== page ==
More specifically, there has never been a business relation or an affiliation between the Complainant and the Respondent. The Respondent is not commonly known by the disputed domain name nor is it making a legitimate commercial use of it. Neither has the Respondent been authorized by the Complainant to use the AMAZIC trademark.
Furthermore, the Respondent sent e-mails from the address “[...]@amazicc.com” in order to mislead customers of the Complainant into paying invoices to the Respondent.
Finally, the Complainant requests that the Panel order the transfer of the disputed domain name to the Complainant.
The Respondent did not reply to the Complainant’s contentions.
6. Discussion and Findings
According to paragraph 4(a) of the Policy, for this Complaint to succeed in relation to the disputed domain name, the Complainant must prove each of the following, namely that:
(i) the disputed domain name is identical or confusingly similar to a trademark or service mark in which the Complainant has rights; and
(ii) the Respondent has no rights or legitimate interests in respect of the disputed domain name; and
(iii) the disputed domain name was registered and is being used in bad faith.
A. Identical or Confusingly Similar
The Panel is satisfied that the Complainant has proven that it has rights in the AMAZIC trademark.
As set forth in section 1.7 of WIPO Overview of WIPO Panel Views on Selected UDRP Questions, Third Edition (“WIPO Overview 3.0”) the standing test for confusing similarity involves a reasoned but relatively straightforward comparison between the trademark and the disputed domain name to determine whether the disputed domain name is confusingly similar with the trademark. The test involves a side-by-side comparison of the disputed domain name and the textual components of the relevant trademark to assess whether the mark is recognizable within the disputed domain name.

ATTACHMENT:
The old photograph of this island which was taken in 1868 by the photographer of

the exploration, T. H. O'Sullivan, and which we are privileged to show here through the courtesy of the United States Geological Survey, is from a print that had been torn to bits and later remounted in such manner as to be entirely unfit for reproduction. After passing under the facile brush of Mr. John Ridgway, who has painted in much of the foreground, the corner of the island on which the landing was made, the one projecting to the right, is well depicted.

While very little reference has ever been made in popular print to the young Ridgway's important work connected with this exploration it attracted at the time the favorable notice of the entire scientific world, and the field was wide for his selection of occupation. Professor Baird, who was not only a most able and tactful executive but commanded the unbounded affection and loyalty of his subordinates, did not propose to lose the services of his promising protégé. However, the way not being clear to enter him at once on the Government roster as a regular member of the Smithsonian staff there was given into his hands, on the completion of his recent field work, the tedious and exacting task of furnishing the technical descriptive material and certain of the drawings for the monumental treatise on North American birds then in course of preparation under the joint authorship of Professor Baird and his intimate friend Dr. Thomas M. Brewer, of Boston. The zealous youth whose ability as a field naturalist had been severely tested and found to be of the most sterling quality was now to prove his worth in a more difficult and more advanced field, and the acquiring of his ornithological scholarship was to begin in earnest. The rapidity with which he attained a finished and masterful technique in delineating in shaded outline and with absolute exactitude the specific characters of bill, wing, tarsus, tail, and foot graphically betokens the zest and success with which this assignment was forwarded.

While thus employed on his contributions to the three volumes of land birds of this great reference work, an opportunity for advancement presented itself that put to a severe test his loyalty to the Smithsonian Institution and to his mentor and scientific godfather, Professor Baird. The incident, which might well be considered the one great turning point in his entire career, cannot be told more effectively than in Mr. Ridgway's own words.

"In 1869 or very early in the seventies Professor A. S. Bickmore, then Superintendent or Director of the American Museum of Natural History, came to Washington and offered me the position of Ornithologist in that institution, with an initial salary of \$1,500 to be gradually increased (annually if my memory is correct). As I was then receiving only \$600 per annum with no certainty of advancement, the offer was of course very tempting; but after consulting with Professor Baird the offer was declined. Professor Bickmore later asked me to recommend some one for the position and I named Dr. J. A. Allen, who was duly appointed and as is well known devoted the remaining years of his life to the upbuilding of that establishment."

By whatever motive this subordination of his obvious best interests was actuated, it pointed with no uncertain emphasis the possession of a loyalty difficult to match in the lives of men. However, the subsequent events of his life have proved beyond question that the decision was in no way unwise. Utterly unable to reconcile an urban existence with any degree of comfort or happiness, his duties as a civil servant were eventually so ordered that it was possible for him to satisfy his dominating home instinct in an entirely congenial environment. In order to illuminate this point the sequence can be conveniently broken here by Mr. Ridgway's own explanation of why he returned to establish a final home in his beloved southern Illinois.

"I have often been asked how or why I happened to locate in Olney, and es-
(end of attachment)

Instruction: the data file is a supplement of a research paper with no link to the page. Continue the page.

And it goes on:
The Panel considers that the disputed domain name is confusingly similar with the Complainant’s AMAZIC trademark.
The disputed domain name <amazicc.com> contains the addition of a final letter “c”, which does not prevent a finding of confusing similarity between the disputed domain name and the Complainant`s trademark. The Panel considers that the disputed domain name constitutes a clear case of typosquatting (section 1.9 of WIPO Overview 3.0 ).
For the purposes of assessing identity or confusing similarity under paragraph 4(a)(i) of the Policy, it is permissible for the Panel to ignore the generic Top-Level Domain (“gTLD”) as it is viewed as a standard registration requirement (section 1.11 of WIPO Overview 3.0 ). Thus, for the test for confusing similarity the Panel shall disregard the “.com” gTLD included in the disputed domain name.
The Panel finds that the disputed domain name is confusingly similar with the AMAZIC trademark in which the Complainant has rights and that the requirements of paragraph 4(a)(i) of the Policy therefore are fulfilled.
B. Rights or Legitimate Interests
Pursuant to paragraph 4(c) of the Policy, a respondent may establish rights to or legitimate interests in a domain name by demonstrating any of the following:
(i) before any notice to it of the dispute, the respondent’s use of, or demonstrable preparations to use, the domain name or a name corresponding to the domain name in connection with a bona fide offering of goods or services; or